3D Printing: How might it disrupt supply-chain logistics and freight delivery patterns?

3D printing (also known as additive manufacturing) is a computer-controlled process that, using a 3D printer, creates three-dimensional objects from a digital design template and layers of material. This process can produce complex, integrated designs in a one-step process without extra tools or molds, potentially reducing the cost of manufacturing and need for extensive assembly work. A single 3D printer can produce a theoretically infinite variety of designs depending on the capabilities of the printer itself (e.g., size and type of material).

Current Status

Applications of 3D printing fall into two broad categories: consumer and commercial. Consumer applications at present have tended to focus on making gadgets for hobbyists. The relatively high cost of a consumer 3D printer ($1,500 to $2,000 on average) has thus far limited individual ownership to select hobbyists and enthusiasts. However, the variety of consumer applications is continuing to increase. Some current applications include:

  • Customized household items like containers, hooks, and cooking utensils
  • Mattel & Autodesk’s allows children to design toys
  • Customized jewelry and fashion
  • Diverse novelty items such as camera and watch components, musical instruments

Fueling the increasing variety of designs are online platforms such as Thingiverse and Pinshape that share open source digital designs. In addition, there are a growing number of brick-and-mortar fabrication shops (“fabshops”) in urban areas that offer 3D printing access to a wider audience of people through collective use.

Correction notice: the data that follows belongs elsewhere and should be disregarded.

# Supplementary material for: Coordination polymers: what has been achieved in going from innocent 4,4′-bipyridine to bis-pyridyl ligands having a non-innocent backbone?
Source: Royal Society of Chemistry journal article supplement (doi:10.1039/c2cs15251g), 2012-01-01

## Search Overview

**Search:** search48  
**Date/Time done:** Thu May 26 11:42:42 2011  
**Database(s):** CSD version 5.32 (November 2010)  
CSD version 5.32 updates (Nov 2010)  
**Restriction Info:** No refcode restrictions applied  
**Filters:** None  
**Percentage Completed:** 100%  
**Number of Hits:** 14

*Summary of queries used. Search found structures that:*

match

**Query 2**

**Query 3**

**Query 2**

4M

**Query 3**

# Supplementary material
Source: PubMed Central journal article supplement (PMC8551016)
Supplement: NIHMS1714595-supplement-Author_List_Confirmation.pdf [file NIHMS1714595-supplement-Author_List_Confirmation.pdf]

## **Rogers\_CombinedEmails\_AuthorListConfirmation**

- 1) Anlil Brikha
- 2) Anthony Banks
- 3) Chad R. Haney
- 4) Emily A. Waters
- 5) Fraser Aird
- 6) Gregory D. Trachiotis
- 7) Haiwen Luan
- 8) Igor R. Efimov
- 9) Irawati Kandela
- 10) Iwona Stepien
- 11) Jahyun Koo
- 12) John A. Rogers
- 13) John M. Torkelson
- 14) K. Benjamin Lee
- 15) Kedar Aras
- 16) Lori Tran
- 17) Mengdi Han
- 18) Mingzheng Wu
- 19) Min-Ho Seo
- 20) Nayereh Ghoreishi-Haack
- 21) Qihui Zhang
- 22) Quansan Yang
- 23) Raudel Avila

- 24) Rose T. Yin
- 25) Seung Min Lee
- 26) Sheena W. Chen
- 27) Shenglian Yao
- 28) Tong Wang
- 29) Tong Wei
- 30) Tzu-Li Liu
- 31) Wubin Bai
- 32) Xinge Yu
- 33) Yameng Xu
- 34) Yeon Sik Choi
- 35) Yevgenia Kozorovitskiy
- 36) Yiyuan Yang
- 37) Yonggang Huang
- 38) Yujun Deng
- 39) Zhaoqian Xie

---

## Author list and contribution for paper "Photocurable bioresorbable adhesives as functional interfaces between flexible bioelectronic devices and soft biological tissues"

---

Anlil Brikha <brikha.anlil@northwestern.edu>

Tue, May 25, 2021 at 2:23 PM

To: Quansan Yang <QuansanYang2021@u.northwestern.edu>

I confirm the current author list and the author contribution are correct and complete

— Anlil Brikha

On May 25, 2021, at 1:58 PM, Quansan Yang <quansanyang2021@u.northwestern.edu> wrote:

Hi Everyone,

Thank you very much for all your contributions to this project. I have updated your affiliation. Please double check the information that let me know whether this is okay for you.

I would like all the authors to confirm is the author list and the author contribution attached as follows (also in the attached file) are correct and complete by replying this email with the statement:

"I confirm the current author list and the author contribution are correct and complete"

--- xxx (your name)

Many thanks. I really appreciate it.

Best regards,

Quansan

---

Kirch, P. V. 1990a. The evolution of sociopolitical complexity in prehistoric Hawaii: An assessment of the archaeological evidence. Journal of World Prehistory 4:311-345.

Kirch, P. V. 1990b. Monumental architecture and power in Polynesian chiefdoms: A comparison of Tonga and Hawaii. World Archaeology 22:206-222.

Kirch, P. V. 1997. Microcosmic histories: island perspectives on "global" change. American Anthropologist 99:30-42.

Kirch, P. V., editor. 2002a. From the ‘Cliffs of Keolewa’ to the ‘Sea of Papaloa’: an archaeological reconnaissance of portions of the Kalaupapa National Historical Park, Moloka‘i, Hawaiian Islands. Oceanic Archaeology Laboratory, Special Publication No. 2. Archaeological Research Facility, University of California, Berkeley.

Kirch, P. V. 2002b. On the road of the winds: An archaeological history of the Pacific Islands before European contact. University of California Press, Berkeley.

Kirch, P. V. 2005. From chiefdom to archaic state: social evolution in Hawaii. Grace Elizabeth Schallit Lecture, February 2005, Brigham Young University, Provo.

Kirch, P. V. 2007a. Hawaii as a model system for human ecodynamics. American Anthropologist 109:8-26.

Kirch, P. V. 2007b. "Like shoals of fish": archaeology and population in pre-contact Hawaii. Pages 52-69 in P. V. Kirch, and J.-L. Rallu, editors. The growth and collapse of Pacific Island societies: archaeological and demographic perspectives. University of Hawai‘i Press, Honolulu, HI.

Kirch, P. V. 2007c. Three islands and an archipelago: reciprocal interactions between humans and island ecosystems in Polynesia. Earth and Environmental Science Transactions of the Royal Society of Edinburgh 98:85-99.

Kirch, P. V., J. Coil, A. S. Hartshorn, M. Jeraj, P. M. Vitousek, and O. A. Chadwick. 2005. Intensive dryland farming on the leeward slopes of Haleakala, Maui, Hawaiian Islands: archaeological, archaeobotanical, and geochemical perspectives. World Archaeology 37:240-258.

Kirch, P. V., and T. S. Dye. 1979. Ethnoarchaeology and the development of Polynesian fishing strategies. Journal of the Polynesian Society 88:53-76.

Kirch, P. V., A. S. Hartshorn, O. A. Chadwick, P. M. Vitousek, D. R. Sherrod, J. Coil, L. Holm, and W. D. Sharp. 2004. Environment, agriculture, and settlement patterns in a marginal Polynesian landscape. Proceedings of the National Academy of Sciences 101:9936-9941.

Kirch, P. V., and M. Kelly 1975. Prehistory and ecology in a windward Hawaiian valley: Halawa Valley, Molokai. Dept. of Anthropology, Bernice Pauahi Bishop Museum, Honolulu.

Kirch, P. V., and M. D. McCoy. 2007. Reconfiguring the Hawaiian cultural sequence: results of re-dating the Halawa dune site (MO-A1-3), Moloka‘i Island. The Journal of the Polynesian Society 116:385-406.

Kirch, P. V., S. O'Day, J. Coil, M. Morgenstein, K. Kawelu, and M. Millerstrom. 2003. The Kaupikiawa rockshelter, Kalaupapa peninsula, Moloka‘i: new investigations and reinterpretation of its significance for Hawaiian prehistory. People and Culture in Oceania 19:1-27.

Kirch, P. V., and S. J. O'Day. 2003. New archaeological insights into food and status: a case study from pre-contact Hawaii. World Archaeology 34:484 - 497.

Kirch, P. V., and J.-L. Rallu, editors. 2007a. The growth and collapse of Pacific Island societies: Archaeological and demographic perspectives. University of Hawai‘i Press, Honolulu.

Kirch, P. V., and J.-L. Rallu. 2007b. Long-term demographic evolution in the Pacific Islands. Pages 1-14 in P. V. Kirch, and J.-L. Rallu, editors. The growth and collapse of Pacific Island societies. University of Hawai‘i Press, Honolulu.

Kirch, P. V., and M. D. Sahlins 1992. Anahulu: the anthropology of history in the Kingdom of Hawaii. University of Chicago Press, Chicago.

Commercial applications initially focused on rapid prototyping and proof-of-concept for manufacturing. However, the commercial applications have evolved to include more complex applications such as:

Possible Impacts on Transportation Planning

Increased commercial and consumer 3D printing use could result in a number of potential benefits and drawbacks related to transportation and travel. Possible benefits include:

Increased local, decentralized production of goods, “just in time” inventory management, and on-demand goods production

Decreased air pollutant emissions associated with fewer long-distance delivery vehicle trips

Decreased long-distance vehicle trips and vehicle miles of travel due to more localized delivery and a shorter supply chain

Decreased roadway maintenance costs associated with fewer long-distance delivery vehicle trips

Increased roadway capacity and reduced vehicular delay associated with fewer long-distance delivery trips

Decreased conflicts at at-grade railroad crossings associated with fewer long-distance rail delivery vehicles

Possible drawbacks of increased 3D printing that relate to transportation include:

Increased shorter-distance vehicle trips and vehicle miles of travel associated with local deliveries of raw printing materials to more, decentralized manufacturing facilities or with increased 3D printing at home


A Study on 3D Printing and its Effects on the Future of Transportation. (forthcoming). Retrieved from https://cait.rutgers.edu/cait/research/study-3d-printing-and-its-effects-future-transportation

Birtchnell, T., Urry, J., Cook, C., & Curry, A. (2013). Freight miles: the impact of 3D printing on transport and society. Lancaster University. Retrieved from http://eprints.lancs.ac.uk/66198/1/Freight_Miles_Report.pdf

DHL (2016). 3D Printing and The Future of Supply Chains: A DHL perspective on the state of 3D printing and implications for logistics. Retrieved at http://www.dhl.com/content/dam/downloads/g0/about_us/logistics_insights/dhl_trendreport_3dprinting.pdf

Heater, B. (n.d.). MIT’s giant mobile 3D printer can build a building in 14 hours, and some day it may be headed to Mars. Retrieved from http://social.techcrunch.com/2017/04/27/mits-giant-mobile-3d-printer-can-build-a-building-in-14-hours-and-some-day-it-may-be-headed-to-mars/

UPS (2016). 3D Printing: The Next Revolution in Industrial Manufacturing. Retrieved from https://www.ups.com/media/en/3D_Printing_executive_summary.pdf

Weller, C., Kleer, R., & Piller, F. T. (2015). Economic implications of 3D printing: Market structure models in light of additive manufacturing revisited. International Journal of Production Economics, 164, 43–56. Retrieved from http://www.sciencedirect.com/science/article/pii/S0925527315000547

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Fehr & Peers will continue to devote some of our R&D resources to evaluating emerging technologies such as 3D Printing so we can keep our clients informed and help them navigate this rapidly changing landscape.